Moving toward an in-person model for weeks, Northam noted that he issued guidance to school divisions on planning a safe return to that learning format.
“We didn’t say, ‘Throw open the doors five days a week, starting tomorrow.’ We said, ‘Here are the steps that you need to take. You can start with the students who most need that in-person instruction.’ But we also said, ‘This needs to happen,’” Northam said. “And today, I’m saying it needs to start by March the 15th. By that day, I expect every school division to make in-person learning options available in accordance with the guidance. They also need to plan for summer school options.”
The governor noted that the challenge was not mandatory, but stressed that it be an option.
That means that students have around 11 weeks of the school year scheduled for in-person learning, compared to about 11 months in a virtual setting.
Northam championed the children, but noted the various struggles they faced during the pandemic.
“My fellow pediatricians say they’re seeing increases in behavioral problems, mental health issues and even increases in substance abuse among their young patients,” Northam said. “They’re writing more prescriptions, such as antidepressants and stimulants. And that’s just not a good direction for us to keep going. And we’re also seeing a decline in academic performance.”
Combatting the issues, a viable response could involve getting students back into school buildings.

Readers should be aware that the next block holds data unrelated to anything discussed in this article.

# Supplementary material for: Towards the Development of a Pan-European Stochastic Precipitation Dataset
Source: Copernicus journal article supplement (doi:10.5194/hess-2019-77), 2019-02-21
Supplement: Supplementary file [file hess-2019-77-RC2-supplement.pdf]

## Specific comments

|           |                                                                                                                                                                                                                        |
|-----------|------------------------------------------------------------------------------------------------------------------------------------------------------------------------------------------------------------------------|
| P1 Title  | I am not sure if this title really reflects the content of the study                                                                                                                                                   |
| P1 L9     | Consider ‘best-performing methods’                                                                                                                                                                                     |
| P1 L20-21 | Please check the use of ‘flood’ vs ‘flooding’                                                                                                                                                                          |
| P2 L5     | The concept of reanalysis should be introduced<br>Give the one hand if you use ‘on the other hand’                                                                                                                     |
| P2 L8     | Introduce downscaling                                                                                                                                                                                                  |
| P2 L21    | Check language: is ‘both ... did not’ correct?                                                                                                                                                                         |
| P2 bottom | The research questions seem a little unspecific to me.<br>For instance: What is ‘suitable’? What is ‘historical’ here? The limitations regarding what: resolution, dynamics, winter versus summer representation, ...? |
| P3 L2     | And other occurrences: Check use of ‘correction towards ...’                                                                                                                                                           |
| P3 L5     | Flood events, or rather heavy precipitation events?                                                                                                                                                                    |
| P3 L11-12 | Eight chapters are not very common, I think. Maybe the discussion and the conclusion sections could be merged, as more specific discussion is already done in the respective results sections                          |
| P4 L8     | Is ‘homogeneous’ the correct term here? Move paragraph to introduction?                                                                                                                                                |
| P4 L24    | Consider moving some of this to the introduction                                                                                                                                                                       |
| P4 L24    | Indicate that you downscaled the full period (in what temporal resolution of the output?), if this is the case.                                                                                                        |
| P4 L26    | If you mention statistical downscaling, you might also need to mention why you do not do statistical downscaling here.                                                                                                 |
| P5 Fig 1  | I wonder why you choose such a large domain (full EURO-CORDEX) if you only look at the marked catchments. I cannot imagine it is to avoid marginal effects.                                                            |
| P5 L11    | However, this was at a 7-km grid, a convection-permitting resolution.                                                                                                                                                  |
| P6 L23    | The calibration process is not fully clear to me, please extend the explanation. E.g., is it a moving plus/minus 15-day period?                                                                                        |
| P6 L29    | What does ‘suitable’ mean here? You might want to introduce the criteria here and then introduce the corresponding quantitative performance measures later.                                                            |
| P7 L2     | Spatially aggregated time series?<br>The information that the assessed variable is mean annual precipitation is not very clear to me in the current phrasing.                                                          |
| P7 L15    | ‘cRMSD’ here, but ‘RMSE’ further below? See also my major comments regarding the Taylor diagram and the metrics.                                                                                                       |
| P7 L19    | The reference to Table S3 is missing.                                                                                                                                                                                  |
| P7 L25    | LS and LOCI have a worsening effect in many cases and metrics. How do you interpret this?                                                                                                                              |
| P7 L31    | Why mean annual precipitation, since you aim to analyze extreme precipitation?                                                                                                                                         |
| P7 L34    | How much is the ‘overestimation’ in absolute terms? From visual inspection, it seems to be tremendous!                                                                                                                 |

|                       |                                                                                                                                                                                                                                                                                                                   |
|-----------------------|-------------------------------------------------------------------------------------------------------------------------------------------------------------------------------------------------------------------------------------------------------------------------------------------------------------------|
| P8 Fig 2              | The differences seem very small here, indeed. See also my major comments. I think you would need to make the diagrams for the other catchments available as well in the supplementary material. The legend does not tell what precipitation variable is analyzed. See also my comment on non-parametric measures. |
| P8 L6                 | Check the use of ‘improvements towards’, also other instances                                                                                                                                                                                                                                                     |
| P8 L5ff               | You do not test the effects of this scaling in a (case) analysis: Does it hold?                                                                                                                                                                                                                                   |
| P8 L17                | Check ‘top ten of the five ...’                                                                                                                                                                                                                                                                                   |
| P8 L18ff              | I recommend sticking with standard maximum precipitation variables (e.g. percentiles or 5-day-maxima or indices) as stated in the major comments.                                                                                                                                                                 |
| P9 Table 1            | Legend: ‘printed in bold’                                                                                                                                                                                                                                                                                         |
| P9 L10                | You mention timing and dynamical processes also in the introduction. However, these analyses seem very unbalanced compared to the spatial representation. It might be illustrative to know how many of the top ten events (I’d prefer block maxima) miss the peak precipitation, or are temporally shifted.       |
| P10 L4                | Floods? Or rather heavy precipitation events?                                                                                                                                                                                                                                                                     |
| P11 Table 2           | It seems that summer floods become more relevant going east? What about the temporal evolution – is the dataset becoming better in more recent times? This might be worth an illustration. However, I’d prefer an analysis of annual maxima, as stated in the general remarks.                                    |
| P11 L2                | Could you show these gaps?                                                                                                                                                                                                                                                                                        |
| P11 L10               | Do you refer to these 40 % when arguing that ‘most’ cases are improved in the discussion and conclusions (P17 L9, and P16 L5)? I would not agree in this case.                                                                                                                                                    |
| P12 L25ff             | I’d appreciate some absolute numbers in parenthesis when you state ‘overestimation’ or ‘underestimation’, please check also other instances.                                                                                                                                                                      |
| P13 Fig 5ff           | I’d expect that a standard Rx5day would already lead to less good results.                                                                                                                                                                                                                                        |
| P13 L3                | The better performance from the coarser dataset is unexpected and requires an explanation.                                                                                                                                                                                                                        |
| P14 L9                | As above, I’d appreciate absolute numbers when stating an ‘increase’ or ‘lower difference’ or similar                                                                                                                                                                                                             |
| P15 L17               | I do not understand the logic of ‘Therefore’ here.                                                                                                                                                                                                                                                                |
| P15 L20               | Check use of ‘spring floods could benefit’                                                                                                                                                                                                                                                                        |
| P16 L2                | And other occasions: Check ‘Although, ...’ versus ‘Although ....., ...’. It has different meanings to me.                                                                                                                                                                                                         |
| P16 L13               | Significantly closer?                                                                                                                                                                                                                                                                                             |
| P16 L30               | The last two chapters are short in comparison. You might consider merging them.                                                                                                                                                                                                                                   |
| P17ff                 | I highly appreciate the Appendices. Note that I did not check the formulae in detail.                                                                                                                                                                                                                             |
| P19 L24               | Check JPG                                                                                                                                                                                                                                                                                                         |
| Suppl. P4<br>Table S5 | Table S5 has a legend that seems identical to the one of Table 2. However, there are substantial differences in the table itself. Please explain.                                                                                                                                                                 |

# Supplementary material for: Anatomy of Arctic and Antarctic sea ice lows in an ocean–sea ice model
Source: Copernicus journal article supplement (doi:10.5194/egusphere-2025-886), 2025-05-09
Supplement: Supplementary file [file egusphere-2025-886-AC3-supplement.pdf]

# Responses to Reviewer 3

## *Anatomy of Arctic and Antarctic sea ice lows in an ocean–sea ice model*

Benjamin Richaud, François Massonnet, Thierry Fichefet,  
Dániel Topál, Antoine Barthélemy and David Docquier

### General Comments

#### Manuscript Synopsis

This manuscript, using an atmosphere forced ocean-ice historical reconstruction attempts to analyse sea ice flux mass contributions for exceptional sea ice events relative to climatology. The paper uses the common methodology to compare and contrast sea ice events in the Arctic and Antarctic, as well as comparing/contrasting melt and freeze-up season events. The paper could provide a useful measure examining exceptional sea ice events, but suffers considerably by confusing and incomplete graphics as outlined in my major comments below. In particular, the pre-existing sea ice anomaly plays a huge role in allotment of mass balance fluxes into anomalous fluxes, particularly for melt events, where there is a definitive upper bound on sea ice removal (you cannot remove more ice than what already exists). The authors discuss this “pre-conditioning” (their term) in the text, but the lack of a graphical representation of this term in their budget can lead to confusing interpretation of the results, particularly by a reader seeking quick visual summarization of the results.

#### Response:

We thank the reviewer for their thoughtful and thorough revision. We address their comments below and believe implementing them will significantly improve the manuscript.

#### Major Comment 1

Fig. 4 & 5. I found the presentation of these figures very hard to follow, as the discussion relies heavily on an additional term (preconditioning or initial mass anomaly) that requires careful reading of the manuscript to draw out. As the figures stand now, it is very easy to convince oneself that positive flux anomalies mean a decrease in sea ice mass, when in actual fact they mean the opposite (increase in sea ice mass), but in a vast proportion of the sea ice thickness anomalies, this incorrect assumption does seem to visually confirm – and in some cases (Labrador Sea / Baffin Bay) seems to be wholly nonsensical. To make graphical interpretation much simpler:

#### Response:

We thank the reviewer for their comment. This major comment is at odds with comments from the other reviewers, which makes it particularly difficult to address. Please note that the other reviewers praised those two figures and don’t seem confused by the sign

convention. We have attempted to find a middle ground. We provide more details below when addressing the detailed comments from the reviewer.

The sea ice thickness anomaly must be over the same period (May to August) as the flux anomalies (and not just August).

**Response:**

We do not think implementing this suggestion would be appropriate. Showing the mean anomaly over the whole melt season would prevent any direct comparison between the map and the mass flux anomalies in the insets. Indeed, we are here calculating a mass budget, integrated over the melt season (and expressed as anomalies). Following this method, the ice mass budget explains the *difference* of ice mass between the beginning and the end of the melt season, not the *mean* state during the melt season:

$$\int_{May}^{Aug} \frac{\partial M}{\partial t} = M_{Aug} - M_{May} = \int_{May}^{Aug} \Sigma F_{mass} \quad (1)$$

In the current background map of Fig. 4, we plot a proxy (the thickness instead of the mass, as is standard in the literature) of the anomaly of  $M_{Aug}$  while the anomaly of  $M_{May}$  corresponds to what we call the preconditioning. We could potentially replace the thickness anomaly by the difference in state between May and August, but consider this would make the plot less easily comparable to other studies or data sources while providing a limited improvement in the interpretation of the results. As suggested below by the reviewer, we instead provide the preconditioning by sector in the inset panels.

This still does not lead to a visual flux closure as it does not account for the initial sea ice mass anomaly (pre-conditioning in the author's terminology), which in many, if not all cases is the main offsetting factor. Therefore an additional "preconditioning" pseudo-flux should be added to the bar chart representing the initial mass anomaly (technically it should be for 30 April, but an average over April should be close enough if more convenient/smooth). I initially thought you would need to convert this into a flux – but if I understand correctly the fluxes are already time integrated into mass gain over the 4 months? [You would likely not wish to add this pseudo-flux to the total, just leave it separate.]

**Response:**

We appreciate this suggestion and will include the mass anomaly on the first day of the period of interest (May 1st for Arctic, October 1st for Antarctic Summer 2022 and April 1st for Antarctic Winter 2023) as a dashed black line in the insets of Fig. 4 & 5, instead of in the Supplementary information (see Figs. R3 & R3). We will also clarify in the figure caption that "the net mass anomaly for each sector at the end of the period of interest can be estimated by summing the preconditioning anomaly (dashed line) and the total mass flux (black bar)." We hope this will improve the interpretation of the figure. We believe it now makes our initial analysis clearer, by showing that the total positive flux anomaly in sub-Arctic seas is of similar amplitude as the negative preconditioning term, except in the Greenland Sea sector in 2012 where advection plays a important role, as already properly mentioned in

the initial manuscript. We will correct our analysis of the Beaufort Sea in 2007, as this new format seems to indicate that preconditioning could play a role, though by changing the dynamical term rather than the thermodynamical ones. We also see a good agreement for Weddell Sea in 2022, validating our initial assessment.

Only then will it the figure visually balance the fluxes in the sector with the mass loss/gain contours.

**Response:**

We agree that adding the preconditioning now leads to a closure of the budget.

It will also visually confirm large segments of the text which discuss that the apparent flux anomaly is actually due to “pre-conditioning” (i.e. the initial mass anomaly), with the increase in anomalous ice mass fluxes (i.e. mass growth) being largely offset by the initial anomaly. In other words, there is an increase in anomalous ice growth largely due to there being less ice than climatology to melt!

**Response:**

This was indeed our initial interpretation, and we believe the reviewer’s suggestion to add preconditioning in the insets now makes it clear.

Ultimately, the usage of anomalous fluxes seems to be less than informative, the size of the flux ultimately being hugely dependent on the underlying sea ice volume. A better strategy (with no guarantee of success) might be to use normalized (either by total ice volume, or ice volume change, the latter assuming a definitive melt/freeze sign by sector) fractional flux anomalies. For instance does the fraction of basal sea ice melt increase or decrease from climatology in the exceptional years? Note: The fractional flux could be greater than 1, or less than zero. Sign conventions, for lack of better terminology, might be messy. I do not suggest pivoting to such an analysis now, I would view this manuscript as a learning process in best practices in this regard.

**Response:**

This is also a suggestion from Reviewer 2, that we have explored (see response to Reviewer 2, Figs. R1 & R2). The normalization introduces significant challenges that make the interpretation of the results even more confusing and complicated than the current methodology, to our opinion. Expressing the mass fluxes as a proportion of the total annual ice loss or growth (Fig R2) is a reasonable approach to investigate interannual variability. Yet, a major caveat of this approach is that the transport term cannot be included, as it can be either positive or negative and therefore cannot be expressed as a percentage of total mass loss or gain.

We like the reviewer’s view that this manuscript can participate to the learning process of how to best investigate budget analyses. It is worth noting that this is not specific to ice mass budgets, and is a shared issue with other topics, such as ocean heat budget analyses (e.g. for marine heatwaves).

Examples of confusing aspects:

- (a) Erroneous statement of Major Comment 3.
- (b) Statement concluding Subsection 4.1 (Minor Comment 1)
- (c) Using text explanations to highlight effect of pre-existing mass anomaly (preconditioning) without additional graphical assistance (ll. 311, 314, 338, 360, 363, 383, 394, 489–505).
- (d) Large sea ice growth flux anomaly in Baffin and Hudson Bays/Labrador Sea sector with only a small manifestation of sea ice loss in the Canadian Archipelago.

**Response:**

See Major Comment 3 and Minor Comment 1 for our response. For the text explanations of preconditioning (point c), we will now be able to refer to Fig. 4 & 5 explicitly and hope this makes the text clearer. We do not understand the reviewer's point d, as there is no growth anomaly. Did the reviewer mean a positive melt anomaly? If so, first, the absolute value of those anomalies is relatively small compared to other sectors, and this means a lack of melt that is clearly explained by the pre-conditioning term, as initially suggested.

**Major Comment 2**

“I know this has been hard on everyone. It has been a school year like no other. It’s been hard on children and it’s been hard on our teachers,” Northam said. “But we also know this plain fact: children learn better in classrooms and that’s where they need to be.”
City District Plans School Reopening
Martinsville City Public Schools took a firm stance against the coronavirus early-on. Once the city schools closed in March 2020, they promised to take the safety and health of their community into consideration before reopening.
“What we’re doing, there’s no guesswork,” said Dr. Zeb Talley, MCPS division superintendent. “We believe that staff safety, the safety of our students and their parents and grandparents at home, is paramount. We believe it’s paramount. And I’m fortunate to work with a board that feels that safety is the most important thing. So yes, we has been very firm against it.”
However, that doesn’t mean they don’t plan to comply with the governor’s wishes. MCPS staff recently started receiving the COVID-19 vaccine. Those that elected to get the vaccine should receive their second dose around the first of March.